They are not the same; Muslims are gravely misled about God

They are sort of the same, but the focus is on knowing Jesus in order to know God

They are the same, although Jesus is the only way to truly know God and love him better

It is important to note that the W categories do not correlate with the C-Spectrum (i.e., W3 is not analogous with C3, etc.). Instead, each segment of the scale corresponds to a general view of Islam. This is important because “every attempt to evangelize Muslims necessarily rests on a particular understanding of Islam” (Skreslet 2012, Kindle 2878, cf. Accad 2012, 31).

On the whole, W1 represents the most critical position: Islam is an idol that needs to be crushed and triumphed over. Since it is a lie and Satan is the father of lies (John 8:42-43), Islam is destructive to humanity, an oppressive spirituality. The Christianity presented in W1 is also the most confrontational, although W1 workers still care deeply about humility and compassion (as in each position). W1 aims for Muslims to become Christians who completely disassociate from Islam and join churches like the denominational or theological tradition of the worker.

The W2 position is less aggressive in open interactions, but still seeks to undermine Islam by replacing it with Christianity. Apologetics are valued and used to show that Islam is an inferior system that diverts Muslims from knowing God. W2 believes Muslims should become Christians and join the established church whenever possible.

The W3 position is more positive, although still critical of the various forms of “Islam.” Thus, previously held religious practices and beliefs are not just rejected and replaced (as in W1 and W2), but some are even retained and repurposed as Muslims become transformed by faith in Christ. A term similar to “biblical faith” is preferred over “Christianity,” since the W3 position deems that the latter is ill-defined and produces many misunderstandings among Muslims. In W3, workers aim for Muslims to become followers of Jesus who begin a process of transformation that eventually ends in indigenous fellowships.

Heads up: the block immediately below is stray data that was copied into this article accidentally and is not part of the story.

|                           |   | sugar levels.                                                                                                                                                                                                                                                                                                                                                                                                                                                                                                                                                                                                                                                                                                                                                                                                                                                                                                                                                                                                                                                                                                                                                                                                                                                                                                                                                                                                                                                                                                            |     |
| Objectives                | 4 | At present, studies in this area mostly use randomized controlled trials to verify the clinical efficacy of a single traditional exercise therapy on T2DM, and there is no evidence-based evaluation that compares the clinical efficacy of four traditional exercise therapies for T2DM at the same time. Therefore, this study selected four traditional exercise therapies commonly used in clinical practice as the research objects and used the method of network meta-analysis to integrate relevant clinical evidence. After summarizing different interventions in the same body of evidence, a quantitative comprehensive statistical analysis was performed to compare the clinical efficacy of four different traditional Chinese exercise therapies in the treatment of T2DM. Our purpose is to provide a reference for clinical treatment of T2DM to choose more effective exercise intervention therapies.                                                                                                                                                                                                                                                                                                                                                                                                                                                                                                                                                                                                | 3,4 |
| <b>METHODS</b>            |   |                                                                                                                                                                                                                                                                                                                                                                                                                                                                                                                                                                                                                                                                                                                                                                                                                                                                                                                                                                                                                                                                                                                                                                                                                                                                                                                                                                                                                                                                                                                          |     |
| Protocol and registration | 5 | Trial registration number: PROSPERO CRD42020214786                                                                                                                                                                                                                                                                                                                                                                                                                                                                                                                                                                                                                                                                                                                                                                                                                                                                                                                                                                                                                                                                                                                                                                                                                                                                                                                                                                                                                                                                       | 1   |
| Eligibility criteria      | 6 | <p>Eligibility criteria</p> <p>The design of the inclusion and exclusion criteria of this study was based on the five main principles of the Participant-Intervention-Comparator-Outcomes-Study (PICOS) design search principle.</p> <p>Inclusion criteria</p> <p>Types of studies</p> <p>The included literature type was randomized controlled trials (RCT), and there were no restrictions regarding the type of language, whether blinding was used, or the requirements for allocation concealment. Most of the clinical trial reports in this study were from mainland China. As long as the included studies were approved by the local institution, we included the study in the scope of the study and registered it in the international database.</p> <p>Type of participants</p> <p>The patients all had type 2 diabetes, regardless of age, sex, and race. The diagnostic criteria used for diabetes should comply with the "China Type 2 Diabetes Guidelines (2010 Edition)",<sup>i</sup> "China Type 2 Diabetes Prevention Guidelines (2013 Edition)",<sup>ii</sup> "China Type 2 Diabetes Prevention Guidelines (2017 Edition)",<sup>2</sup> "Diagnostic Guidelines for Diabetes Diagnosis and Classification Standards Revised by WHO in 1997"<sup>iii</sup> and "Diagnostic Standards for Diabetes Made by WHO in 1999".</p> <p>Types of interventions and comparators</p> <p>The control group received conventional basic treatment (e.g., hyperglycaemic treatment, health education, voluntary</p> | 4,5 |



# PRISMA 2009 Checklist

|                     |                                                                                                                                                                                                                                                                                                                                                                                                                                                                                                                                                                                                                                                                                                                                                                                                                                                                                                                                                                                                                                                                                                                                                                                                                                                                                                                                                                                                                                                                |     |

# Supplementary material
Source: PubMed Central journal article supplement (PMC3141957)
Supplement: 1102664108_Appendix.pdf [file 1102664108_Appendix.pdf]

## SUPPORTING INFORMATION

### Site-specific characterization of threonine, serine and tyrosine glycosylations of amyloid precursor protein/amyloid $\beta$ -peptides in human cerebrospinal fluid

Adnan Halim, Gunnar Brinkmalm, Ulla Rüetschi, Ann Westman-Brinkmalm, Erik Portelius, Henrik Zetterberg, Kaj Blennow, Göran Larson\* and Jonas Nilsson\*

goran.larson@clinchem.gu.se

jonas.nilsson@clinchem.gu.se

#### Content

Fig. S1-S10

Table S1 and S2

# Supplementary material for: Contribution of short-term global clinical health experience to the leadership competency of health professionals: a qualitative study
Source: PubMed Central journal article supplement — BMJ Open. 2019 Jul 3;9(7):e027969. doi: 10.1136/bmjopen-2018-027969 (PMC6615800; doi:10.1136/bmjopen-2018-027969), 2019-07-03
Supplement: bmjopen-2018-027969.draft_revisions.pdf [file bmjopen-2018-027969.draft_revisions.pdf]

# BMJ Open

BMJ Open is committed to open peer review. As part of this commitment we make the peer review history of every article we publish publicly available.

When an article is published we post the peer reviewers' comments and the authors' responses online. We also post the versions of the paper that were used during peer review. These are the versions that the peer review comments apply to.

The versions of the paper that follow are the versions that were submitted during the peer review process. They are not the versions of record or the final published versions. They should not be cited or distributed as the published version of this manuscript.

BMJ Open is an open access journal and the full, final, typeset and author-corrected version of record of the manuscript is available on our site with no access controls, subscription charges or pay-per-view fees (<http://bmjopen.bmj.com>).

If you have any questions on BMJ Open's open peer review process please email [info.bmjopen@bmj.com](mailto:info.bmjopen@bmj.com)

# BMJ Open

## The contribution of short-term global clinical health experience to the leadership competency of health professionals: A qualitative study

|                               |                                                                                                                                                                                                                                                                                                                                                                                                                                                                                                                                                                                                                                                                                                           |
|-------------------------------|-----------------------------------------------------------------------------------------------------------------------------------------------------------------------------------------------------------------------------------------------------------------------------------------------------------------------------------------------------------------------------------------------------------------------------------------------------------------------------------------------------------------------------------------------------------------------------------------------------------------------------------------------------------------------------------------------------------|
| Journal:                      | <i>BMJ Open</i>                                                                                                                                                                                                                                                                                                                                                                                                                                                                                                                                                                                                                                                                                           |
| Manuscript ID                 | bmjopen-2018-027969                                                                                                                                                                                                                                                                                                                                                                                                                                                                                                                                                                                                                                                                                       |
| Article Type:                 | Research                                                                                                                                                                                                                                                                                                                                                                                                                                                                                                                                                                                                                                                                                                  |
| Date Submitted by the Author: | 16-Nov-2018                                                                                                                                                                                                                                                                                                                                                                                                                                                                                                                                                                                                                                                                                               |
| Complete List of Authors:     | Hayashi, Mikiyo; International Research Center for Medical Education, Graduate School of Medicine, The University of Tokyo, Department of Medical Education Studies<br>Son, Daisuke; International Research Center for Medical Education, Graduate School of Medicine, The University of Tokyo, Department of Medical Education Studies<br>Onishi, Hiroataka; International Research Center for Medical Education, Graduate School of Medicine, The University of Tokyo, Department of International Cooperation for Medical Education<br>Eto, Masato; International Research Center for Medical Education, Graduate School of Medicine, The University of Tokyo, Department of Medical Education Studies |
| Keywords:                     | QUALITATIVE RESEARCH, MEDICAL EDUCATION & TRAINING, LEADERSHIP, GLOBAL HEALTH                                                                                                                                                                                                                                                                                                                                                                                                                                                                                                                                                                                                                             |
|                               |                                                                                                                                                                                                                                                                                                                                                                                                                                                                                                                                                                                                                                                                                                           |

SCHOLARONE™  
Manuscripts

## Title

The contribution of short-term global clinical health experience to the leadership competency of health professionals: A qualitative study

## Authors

The W4 position has the most positive and affirming view of Muslims in their various contexts, as “religion” is often regarded in a neutral or pejorative sense. Muslims, in general, are seen as people who have positive spiritual impulses, but are missing the One who ultimately completes all those impulses. The result is a dialogical invitation to follow Jesus inside one’s context. It is hoped that Muslims would become believers in Christ and form groups based on the Bible but are still socially and culturally “Islamic.”

While there are distinctions between the views, there are important points of commonality. All positions believe in the necessity of the workers’ love, godly character, and theological integrity. All workers want Muslims to love and obey Jesus. Additionally, all approaches affirm some form of subversion of the Muslim’s worldview coupled with some form of exclusive fulfillment that only the gospel offers.3 The differences are found in emphasis and application of specific practices, as well as the distinction between new believers within their contexts.